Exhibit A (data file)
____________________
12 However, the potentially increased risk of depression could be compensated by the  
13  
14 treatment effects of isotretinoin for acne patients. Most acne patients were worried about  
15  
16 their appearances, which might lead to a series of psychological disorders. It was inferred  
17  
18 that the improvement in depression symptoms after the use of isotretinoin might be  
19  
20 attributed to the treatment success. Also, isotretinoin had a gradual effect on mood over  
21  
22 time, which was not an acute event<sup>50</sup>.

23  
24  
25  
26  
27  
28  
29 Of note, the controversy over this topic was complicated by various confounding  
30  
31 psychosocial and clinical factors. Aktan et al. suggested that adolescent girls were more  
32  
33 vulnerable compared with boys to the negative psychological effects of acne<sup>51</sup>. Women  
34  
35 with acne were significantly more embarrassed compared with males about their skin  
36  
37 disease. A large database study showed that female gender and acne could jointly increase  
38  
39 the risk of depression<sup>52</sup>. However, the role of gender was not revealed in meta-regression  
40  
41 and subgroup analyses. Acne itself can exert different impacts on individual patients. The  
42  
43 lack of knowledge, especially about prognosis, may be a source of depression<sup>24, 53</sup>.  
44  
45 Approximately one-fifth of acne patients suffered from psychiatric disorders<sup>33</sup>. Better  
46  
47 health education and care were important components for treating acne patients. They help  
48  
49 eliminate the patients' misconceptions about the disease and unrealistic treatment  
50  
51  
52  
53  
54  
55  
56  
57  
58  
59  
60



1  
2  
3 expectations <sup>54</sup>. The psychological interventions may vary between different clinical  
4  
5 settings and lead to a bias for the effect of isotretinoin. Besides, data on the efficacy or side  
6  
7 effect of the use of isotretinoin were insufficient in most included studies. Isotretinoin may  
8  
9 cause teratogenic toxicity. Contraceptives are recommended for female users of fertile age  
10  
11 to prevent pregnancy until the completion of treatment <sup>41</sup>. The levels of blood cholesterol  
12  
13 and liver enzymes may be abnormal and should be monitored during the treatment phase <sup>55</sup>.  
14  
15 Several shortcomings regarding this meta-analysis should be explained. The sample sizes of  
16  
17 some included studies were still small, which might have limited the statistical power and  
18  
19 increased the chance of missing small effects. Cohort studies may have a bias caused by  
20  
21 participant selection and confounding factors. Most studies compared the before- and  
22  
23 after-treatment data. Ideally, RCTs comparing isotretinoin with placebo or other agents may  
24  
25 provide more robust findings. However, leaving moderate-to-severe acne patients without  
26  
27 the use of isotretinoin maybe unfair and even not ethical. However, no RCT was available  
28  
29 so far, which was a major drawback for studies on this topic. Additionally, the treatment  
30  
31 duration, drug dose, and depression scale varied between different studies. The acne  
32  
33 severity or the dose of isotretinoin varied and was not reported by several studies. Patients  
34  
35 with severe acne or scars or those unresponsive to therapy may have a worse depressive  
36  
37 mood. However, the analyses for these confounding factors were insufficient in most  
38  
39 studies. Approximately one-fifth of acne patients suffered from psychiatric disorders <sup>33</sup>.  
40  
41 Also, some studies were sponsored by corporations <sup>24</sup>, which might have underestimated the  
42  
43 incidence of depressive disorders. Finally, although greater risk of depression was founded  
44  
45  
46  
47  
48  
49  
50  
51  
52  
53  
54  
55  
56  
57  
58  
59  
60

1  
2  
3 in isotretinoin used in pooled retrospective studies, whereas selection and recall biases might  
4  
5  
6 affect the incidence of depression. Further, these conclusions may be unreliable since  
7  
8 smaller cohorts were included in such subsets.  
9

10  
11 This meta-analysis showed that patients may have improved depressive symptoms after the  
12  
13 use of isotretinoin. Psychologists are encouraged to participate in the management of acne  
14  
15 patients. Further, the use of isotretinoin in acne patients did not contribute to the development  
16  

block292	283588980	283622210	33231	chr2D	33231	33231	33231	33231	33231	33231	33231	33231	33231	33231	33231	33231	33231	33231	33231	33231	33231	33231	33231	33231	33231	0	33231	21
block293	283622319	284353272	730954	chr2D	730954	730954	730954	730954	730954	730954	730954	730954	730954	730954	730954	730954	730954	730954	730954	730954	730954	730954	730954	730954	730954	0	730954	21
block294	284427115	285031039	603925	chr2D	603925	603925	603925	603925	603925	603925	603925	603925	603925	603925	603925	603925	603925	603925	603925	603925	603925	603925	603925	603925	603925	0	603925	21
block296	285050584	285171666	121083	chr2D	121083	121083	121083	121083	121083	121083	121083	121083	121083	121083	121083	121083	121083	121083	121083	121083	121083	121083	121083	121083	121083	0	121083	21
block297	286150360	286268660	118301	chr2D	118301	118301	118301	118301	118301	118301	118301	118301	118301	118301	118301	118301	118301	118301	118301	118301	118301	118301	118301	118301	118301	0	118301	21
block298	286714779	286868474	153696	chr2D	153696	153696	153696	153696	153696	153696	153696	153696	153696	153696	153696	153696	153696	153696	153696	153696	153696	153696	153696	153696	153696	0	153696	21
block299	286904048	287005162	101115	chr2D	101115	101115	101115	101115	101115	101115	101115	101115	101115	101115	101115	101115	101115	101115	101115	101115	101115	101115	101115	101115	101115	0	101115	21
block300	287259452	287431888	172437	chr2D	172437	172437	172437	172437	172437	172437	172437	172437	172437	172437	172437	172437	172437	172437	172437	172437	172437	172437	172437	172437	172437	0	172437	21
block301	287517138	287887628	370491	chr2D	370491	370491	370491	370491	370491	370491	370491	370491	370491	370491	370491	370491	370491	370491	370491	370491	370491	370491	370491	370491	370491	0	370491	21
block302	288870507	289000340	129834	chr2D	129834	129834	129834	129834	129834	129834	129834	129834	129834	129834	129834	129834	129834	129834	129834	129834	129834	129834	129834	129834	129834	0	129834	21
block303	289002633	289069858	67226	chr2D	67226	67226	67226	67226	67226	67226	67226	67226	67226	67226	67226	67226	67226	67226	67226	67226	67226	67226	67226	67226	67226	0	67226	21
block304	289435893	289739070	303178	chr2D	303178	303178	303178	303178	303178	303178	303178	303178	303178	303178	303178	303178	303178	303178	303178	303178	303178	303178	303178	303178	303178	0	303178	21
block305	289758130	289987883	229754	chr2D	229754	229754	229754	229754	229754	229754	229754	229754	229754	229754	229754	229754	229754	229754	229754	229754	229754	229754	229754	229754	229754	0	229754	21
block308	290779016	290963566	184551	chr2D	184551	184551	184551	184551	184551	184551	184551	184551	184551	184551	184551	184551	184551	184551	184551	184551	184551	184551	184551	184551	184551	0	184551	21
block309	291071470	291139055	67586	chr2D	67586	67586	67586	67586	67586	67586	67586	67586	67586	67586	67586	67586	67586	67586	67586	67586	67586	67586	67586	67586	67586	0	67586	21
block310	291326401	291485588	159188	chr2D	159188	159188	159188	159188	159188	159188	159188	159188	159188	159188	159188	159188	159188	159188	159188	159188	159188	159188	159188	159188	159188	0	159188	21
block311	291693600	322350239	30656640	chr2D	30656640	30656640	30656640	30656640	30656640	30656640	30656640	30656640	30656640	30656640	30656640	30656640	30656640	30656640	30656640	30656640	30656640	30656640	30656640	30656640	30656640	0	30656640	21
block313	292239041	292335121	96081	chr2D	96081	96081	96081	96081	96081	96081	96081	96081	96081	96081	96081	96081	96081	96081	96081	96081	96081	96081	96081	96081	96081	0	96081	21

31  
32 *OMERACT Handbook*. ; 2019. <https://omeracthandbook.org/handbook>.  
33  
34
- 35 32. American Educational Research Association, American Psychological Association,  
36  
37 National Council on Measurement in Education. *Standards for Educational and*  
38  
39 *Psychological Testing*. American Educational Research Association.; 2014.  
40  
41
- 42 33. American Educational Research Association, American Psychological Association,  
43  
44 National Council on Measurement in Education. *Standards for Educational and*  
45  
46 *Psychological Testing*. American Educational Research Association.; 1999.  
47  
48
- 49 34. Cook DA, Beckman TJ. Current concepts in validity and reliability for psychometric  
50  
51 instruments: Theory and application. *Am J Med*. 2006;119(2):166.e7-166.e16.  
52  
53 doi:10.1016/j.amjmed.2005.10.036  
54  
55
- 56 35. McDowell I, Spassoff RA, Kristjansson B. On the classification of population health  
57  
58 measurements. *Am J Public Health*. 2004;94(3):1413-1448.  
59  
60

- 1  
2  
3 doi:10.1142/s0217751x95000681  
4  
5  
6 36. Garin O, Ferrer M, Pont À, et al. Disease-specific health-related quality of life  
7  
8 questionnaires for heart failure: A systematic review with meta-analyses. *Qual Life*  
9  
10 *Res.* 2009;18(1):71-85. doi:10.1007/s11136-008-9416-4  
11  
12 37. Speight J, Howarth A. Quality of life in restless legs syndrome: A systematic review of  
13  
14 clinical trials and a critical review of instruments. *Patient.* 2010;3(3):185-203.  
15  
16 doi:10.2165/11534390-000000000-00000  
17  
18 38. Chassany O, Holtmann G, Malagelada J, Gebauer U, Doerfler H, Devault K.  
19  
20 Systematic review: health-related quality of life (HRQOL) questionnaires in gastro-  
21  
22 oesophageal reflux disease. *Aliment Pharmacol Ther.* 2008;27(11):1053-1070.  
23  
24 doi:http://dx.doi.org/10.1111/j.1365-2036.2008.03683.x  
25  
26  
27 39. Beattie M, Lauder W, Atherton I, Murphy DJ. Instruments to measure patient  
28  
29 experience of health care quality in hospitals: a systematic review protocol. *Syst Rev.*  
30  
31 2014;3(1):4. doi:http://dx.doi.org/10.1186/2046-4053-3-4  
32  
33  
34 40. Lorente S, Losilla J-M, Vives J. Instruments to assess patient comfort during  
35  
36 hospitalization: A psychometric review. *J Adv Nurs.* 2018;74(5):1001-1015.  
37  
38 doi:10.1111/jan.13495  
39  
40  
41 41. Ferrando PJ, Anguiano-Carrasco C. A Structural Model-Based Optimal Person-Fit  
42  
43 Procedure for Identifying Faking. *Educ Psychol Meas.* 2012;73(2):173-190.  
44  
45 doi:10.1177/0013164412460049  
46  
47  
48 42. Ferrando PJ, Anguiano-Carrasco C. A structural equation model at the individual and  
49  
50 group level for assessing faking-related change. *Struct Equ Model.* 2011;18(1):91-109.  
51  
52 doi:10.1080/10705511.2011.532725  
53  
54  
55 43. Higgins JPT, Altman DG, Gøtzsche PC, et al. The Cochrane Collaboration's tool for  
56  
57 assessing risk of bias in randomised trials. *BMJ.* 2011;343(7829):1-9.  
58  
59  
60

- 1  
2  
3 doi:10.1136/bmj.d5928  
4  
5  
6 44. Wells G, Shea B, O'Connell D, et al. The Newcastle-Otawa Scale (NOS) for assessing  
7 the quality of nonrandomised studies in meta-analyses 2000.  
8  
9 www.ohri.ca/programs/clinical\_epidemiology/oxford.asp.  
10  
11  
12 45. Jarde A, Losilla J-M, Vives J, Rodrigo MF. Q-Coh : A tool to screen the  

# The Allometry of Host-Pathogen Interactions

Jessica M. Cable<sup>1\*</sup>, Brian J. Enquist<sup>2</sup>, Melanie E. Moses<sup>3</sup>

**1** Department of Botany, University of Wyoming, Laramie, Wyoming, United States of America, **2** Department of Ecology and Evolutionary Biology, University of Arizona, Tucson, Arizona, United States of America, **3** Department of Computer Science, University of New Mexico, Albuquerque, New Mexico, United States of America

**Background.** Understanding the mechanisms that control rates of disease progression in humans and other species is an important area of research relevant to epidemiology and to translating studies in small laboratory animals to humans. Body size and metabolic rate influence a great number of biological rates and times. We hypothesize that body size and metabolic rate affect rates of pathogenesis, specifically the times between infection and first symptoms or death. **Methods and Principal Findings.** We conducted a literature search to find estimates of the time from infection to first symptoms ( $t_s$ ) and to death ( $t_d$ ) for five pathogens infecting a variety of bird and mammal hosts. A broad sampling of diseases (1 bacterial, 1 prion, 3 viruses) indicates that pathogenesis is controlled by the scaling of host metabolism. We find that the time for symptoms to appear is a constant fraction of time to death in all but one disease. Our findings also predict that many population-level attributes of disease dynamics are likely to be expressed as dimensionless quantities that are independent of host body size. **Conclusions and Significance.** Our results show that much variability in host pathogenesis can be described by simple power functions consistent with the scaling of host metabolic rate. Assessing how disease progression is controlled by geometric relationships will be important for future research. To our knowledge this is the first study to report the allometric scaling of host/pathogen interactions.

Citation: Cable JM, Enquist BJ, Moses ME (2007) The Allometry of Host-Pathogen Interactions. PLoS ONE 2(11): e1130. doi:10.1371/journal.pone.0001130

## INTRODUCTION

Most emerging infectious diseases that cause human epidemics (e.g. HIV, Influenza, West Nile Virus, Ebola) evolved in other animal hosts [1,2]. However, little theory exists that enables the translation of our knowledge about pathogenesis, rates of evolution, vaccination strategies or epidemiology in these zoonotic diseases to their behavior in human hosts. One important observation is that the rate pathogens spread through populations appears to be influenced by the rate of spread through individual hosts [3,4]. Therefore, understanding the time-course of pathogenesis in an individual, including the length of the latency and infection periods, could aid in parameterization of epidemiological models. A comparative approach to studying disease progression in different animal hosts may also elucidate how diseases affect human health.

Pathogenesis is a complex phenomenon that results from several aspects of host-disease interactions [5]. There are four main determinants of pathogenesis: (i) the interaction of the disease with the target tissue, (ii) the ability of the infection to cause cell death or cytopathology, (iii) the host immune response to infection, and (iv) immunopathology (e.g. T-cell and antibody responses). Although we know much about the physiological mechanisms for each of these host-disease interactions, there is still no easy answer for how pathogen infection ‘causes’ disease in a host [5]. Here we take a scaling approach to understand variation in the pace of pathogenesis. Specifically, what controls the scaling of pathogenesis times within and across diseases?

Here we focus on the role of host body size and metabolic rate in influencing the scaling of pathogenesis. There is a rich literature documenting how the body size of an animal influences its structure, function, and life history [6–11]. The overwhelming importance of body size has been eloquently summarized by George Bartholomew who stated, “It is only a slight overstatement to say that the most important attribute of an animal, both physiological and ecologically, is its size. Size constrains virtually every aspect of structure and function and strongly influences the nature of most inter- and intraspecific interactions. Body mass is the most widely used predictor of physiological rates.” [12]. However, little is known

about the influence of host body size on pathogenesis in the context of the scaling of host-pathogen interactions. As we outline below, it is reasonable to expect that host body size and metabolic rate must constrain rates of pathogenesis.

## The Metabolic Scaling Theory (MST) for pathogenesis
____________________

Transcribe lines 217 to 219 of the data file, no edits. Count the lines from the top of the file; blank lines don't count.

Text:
44  
45 doi:10.1177/0013164412460049  
46  